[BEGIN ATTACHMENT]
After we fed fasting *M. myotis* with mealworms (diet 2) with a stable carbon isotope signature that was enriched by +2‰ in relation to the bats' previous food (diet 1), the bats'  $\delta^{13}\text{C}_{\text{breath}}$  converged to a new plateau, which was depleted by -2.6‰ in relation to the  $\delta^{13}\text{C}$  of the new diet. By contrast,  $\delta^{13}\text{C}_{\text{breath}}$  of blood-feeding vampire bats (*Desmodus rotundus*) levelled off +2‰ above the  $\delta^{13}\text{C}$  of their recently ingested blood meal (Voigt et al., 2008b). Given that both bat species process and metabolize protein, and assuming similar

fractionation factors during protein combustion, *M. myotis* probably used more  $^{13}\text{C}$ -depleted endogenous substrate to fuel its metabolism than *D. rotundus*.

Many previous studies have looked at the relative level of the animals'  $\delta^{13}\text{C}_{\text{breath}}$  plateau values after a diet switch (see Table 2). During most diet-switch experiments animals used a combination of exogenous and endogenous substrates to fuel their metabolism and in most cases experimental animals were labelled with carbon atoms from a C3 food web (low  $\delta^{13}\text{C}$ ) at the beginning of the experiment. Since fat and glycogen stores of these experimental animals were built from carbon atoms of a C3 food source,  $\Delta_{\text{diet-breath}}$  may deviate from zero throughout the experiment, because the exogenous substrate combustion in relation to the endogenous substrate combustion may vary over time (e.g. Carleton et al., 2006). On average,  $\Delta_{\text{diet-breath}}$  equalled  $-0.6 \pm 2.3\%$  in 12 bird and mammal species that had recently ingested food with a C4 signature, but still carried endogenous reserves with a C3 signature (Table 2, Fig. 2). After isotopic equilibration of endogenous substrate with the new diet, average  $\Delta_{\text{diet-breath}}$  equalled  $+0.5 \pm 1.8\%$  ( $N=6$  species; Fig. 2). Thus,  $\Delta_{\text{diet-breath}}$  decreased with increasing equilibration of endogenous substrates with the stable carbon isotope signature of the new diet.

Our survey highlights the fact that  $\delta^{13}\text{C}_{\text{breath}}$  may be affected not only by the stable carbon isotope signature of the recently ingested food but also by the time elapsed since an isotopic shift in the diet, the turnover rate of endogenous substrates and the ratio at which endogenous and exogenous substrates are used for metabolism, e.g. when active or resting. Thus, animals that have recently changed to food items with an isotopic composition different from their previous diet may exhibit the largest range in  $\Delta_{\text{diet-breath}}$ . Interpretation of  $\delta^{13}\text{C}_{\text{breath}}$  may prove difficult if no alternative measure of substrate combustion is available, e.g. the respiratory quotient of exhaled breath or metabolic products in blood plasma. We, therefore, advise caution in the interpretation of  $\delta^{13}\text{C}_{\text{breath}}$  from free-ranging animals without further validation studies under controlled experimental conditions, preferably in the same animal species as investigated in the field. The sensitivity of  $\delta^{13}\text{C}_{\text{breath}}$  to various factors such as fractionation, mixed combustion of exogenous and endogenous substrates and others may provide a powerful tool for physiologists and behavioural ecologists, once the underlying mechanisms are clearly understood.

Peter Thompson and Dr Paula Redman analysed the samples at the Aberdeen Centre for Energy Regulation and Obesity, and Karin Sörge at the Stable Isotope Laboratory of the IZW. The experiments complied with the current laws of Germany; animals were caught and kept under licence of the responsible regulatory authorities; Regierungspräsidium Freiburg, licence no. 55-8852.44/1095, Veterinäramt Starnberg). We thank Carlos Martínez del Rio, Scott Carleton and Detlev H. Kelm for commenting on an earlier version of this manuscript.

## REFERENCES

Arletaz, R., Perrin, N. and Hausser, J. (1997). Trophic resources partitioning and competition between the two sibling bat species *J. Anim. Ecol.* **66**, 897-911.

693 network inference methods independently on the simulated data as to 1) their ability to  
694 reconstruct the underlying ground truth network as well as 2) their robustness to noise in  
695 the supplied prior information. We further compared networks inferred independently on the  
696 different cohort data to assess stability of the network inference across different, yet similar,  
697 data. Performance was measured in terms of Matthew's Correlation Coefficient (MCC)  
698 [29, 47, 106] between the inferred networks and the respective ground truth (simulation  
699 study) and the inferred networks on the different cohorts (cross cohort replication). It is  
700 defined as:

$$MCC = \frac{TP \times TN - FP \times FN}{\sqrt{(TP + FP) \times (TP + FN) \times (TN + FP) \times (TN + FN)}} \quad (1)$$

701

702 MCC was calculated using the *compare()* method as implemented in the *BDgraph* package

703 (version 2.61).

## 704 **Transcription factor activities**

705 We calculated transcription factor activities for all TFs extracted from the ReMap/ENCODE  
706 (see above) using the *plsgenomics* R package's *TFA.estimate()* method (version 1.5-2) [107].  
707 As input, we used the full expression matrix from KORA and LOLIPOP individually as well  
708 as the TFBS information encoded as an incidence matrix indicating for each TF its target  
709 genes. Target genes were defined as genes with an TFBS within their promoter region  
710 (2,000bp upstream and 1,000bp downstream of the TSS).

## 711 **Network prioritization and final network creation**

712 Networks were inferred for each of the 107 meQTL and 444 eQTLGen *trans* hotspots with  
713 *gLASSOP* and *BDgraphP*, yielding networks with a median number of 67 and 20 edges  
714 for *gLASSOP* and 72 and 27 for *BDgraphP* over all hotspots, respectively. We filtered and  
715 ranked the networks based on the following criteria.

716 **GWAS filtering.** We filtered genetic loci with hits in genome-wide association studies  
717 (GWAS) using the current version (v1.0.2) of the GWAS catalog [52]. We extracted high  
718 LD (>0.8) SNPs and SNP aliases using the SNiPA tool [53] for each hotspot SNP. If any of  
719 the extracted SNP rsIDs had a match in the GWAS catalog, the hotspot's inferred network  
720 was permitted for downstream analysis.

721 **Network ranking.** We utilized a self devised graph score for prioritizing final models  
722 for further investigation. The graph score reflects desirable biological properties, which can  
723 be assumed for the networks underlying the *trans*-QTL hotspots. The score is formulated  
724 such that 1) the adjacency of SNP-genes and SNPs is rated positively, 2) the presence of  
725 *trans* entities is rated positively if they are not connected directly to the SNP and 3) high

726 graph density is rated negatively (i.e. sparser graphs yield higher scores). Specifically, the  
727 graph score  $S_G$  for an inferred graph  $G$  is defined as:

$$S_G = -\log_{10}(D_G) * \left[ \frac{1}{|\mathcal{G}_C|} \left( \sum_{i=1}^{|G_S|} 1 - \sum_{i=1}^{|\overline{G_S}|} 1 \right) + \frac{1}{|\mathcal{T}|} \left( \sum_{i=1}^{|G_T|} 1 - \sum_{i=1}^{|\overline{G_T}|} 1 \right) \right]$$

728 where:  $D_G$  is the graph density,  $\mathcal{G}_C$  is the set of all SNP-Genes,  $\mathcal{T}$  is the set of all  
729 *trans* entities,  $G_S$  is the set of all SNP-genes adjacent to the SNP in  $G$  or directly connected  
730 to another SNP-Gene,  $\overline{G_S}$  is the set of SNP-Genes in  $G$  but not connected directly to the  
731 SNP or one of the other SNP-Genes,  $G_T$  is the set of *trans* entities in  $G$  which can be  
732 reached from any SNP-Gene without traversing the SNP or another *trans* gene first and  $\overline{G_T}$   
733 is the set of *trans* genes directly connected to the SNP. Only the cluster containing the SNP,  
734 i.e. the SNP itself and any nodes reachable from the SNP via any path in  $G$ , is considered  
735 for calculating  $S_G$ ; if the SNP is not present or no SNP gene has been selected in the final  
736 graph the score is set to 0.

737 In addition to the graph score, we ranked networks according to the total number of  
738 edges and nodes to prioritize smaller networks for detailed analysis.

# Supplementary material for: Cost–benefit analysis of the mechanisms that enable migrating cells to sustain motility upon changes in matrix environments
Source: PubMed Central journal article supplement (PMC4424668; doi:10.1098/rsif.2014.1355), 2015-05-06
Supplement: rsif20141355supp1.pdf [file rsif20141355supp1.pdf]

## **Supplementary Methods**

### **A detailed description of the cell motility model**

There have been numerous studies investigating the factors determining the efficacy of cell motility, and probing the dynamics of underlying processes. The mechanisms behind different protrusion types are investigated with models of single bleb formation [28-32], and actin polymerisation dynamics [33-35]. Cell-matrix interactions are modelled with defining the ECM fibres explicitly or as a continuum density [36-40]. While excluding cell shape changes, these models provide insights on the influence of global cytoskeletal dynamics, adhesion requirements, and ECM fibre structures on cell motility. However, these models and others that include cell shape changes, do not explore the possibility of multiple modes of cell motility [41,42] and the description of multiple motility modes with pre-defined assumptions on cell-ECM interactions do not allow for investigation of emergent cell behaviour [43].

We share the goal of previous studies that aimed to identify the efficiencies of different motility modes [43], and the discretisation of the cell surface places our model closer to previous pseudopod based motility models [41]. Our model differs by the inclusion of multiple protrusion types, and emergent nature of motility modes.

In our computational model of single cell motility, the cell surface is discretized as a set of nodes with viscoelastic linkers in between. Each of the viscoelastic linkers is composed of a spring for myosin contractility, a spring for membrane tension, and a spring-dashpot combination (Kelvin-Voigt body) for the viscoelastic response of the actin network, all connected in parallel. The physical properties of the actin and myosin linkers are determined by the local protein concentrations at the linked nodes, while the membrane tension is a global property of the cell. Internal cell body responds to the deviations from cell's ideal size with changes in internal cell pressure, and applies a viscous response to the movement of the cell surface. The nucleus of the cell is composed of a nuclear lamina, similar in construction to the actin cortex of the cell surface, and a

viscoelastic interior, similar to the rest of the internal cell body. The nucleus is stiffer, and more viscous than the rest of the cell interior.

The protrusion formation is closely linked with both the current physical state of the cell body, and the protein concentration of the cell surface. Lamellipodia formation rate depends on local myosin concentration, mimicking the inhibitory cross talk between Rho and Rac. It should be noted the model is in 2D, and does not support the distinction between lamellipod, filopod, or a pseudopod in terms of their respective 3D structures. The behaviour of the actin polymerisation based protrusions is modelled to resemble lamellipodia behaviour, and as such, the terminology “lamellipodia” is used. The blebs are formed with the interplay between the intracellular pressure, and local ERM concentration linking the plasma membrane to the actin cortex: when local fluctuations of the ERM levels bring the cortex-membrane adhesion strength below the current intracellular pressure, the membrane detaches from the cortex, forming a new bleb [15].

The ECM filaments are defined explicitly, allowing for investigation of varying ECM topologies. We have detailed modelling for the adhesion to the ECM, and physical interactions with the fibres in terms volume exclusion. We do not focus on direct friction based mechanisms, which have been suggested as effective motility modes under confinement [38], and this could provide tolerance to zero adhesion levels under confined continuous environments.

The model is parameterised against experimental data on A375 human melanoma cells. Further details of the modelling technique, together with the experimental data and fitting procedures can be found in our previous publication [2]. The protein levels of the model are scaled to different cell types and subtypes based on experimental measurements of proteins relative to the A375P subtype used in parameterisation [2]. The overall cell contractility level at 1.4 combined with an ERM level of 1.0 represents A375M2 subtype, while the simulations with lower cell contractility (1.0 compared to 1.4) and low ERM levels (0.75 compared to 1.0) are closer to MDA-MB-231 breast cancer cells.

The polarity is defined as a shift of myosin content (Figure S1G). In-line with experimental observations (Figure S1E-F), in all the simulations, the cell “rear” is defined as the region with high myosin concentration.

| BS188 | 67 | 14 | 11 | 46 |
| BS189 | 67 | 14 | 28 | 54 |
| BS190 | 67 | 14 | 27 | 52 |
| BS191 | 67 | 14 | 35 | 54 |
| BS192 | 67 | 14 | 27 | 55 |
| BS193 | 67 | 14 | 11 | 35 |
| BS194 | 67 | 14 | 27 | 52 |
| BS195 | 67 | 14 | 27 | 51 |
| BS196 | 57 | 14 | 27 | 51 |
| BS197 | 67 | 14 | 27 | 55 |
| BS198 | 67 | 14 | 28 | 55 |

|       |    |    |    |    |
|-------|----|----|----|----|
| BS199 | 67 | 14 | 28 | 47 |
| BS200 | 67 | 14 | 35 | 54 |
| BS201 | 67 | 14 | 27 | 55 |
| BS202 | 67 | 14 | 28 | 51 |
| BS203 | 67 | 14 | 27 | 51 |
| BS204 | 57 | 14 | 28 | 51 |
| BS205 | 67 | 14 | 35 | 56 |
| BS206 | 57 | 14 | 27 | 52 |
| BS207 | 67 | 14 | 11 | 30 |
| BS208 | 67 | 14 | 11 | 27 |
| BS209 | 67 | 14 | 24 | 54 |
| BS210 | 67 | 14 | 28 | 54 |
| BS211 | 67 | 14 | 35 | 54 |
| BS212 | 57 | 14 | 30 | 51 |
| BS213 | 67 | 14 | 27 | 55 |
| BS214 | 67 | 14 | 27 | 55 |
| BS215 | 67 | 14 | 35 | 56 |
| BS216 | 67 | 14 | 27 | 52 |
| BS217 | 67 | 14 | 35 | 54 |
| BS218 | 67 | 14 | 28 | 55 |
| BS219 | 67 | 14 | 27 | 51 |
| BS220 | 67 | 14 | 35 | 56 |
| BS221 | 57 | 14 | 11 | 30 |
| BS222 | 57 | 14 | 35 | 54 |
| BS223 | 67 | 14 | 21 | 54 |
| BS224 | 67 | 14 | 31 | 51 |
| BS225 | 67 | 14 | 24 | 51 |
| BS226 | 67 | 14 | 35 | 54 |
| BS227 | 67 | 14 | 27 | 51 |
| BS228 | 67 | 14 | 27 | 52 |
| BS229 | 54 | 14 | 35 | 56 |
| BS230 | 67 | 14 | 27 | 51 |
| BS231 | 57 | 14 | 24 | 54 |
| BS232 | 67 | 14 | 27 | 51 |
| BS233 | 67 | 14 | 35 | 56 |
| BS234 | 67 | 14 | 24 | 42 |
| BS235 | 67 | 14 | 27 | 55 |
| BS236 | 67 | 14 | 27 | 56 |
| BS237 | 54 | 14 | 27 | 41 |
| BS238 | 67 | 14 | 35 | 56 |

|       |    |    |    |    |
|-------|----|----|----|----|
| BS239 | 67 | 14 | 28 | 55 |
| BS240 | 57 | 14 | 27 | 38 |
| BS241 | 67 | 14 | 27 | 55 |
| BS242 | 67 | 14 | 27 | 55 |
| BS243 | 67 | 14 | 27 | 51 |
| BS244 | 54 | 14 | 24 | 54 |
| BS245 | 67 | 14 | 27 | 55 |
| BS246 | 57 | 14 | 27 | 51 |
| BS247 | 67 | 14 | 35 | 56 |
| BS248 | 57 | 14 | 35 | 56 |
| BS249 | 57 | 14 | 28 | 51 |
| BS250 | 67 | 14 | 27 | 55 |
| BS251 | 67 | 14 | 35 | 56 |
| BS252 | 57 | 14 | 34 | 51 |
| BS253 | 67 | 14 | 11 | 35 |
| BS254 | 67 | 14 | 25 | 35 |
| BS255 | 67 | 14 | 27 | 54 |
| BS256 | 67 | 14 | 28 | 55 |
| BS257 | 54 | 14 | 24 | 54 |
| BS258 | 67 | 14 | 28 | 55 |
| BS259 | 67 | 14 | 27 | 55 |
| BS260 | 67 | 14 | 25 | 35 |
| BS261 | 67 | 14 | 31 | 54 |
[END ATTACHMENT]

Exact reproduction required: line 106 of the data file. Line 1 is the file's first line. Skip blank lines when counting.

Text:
| BS223 | 67 | 14 | 21 | 54 |